Historically all my side projects are in different languages since I either learn a new language to do a side project, or that language is particularly suitable for the task. Apple Swift has been my main working language for many years—unfortunately it isn’t useful outside the Apple ecosystem. Besides, learning new languages is fun.

In the recent years I have been drifting more to the languages that I can start learning and using once, and then come back months or years later, and keep doing what I was doing—because that is how I do my side projects. I work on a project for a while, and then often don’t touch it for a year or more. By that time, if I don’t do anything else in that language, I’ll have completely purged it from my active memory. I will need a refresher, but I’ll be sure that in the time I didn’t look at it, the language has not completely moved on from under me like JS is doing these days. Some languages like that would be Go, C++, Lua, Common Lisp… you get the drift. Some would say Rust fits the bill, but it’s a bit too volatile for my taste.

All of this long-winded introduction has been for the fact that C++ is moving fairly slowly, which is why I can recommend some older books and resources that are still relevant, especially if your goal is to remember the basic syntax and how the language works, the newer standards have not changed C++ so radically yet.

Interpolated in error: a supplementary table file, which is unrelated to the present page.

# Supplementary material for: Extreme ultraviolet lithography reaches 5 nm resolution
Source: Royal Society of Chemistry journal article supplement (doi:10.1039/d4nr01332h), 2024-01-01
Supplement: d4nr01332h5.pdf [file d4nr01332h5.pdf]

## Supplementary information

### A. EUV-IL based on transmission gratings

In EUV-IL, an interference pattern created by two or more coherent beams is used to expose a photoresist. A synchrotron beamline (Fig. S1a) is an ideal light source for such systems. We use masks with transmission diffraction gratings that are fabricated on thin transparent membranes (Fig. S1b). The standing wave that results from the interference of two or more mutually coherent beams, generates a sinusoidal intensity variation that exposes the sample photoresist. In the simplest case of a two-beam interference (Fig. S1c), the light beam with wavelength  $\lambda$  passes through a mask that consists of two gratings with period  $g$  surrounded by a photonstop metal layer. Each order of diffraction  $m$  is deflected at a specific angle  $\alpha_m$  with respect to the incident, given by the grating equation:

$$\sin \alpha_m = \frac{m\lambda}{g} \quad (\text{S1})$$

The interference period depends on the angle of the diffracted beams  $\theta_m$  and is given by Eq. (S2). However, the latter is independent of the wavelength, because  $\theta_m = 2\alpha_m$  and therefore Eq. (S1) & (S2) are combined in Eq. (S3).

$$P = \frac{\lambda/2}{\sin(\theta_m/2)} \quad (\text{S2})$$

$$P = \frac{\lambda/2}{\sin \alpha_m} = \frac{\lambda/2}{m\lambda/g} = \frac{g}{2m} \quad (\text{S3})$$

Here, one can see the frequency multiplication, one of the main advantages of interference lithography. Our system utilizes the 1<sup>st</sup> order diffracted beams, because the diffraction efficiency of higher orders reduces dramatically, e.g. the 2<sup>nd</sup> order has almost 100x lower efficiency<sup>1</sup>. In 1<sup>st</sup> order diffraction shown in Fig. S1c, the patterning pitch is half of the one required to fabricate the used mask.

What do I mean by “getting back” into C++? Right now I’m a the point where I’ve committed to my C++ side project for the last time more than a year ago—the last meaningful change has been in September 2020 (and now it’s February 2022). I remember what I was doing, and I know what I need to do, but I forgot the language simply because I wasn’t using it.

Just like when learning a foreign language, you need 2-3 days in a foreign country to really get it “activated” and start speaking, I need to browse some programming language resources (videos, books) to re-activate it and start writing code again. Some people like to jump in and write some simple code, but it doesn’t work that well for me. It’s great for learning the language initially, but not for reactivation.